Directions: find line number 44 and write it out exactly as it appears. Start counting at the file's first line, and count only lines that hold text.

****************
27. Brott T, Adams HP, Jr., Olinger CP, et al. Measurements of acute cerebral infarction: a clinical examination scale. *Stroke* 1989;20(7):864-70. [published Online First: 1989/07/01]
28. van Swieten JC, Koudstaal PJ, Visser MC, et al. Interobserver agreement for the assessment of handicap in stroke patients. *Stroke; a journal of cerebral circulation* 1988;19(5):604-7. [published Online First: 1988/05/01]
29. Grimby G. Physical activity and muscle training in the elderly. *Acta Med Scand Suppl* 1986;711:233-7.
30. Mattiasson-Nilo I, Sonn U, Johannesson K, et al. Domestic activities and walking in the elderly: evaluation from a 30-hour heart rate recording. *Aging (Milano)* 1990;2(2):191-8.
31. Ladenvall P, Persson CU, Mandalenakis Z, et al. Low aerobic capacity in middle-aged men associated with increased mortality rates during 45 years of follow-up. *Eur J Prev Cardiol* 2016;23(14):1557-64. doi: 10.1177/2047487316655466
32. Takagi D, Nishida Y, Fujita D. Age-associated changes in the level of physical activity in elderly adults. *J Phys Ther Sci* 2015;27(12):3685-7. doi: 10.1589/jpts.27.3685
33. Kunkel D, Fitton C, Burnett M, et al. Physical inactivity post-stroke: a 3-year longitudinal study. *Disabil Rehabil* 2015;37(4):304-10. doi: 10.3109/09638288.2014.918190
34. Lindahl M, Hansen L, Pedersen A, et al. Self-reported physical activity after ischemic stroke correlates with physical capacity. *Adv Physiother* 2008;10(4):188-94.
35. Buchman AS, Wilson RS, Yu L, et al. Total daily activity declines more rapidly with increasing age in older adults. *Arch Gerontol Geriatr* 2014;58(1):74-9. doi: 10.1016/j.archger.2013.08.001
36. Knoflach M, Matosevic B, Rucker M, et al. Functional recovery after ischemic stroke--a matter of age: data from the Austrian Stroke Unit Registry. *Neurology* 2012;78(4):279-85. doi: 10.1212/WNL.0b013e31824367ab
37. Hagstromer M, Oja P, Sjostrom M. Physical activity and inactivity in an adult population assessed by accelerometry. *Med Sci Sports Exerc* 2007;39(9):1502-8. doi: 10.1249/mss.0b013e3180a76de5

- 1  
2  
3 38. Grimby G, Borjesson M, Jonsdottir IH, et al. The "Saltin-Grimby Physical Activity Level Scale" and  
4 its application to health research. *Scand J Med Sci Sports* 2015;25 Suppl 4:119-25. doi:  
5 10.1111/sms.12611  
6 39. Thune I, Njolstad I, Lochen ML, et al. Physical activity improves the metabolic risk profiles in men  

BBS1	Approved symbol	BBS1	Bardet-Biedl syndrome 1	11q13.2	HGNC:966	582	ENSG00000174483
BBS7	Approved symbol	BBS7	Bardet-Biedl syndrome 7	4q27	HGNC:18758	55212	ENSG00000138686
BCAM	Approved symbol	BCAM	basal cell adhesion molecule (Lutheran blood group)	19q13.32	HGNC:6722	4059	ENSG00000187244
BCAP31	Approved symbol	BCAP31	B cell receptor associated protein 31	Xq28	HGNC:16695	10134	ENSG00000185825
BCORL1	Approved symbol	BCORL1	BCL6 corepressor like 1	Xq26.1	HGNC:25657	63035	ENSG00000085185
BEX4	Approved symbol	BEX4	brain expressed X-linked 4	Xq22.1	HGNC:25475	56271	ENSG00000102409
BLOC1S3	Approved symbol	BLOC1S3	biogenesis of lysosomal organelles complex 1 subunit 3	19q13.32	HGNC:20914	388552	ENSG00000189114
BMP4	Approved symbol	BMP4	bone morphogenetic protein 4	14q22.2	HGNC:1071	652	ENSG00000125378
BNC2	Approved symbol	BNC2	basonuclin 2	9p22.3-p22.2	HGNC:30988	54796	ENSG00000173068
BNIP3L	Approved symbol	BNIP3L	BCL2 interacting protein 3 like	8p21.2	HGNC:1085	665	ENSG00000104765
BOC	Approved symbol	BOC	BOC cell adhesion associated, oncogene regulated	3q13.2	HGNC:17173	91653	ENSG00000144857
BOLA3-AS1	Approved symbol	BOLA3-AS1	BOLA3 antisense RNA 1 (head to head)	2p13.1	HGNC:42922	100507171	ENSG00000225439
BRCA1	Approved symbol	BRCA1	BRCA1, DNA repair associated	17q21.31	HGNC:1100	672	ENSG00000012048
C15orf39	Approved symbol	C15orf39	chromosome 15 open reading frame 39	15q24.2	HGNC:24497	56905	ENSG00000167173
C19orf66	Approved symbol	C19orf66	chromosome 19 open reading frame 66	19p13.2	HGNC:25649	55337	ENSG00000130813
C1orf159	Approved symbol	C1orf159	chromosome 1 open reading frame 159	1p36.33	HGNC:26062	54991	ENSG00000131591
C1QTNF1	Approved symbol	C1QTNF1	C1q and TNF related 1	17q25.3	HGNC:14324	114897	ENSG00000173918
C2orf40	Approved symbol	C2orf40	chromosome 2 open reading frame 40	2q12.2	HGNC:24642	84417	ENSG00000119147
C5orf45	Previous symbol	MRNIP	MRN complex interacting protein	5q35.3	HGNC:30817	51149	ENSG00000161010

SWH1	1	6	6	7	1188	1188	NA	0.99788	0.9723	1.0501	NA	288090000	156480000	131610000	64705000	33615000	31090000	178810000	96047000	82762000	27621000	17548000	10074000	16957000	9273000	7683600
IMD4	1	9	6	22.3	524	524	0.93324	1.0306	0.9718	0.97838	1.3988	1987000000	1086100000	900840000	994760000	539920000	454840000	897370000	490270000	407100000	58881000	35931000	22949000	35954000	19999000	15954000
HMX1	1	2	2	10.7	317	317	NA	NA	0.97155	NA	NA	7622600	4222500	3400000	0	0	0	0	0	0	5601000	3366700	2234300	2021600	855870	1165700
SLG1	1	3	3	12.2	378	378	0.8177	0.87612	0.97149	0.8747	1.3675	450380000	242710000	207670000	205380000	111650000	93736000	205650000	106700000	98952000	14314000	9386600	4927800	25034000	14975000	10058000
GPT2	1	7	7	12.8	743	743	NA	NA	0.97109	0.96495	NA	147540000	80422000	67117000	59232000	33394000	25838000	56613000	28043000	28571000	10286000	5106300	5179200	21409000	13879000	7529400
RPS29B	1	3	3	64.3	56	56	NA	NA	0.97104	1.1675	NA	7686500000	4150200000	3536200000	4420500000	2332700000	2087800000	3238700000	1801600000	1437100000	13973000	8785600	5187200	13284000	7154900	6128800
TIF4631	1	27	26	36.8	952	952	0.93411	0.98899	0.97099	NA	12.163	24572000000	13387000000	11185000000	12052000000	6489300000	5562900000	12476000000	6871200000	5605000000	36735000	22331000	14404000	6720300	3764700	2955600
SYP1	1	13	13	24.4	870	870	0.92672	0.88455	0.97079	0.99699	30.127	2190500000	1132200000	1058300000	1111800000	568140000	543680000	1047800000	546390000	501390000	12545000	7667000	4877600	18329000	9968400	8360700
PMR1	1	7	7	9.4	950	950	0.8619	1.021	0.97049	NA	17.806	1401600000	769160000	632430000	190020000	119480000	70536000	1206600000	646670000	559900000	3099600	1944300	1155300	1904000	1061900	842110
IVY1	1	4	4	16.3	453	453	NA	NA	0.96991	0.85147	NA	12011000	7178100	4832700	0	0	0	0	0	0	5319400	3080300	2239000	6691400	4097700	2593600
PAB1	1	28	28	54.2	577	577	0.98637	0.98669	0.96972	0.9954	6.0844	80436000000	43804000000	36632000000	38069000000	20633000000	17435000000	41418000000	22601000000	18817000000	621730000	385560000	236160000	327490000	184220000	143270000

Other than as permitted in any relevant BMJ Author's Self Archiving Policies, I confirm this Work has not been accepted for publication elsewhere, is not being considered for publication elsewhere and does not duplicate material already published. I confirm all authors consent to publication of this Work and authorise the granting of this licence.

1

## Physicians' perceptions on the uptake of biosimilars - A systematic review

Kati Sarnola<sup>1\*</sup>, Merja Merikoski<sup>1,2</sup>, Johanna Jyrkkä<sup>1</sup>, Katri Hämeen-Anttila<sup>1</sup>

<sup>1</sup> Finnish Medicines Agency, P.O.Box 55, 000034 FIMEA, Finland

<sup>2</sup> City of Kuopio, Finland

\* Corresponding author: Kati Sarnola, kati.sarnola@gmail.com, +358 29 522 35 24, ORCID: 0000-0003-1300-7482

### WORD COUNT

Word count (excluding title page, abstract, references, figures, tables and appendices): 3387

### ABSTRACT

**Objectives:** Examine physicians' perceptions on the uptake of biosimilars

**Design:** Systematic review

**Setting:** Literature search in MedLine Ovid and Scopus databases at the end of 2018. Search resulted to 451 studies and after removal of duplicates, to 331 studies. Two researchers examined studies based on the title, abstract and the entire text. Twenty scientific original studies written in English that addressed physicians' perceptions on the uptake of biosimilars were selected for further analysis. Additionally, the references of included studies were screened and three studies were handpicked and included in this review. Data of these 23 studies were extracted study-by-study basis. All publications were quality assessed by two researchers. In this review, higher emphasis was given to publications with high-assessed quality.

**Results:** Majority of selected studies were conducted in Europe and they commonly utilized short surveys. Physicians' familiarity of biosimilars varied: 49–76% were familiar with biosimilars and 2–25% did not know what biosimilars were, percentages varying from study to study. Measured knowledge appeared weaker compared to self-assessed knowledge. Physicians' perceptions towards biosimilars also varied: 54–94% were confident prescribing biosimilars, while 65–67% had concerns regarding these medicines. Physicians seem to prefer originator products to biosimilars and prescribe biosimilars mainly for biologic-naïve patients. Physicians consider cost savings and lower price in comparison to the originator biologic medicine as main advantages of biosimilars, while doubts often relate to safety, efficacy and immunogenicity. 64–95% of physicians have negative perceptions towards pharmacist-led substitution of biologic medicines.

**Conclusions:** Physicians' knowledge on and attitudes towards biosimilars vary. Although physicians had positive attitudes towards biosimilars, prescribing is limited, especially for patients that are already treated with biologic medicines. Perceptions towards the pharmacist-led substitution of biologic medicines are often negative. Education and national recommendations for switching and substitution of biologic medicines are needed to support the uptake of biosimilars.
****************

SYP1	1	13	13	24.4	870	870	0.92672	0.88455	0.97079	0.99699	30.127	2190500000	1132200000	1058300000	1111800000	568140000	543680000	1047800000	546390000	501390000	12545000	7667000	4877600	18329000	9968400	8360700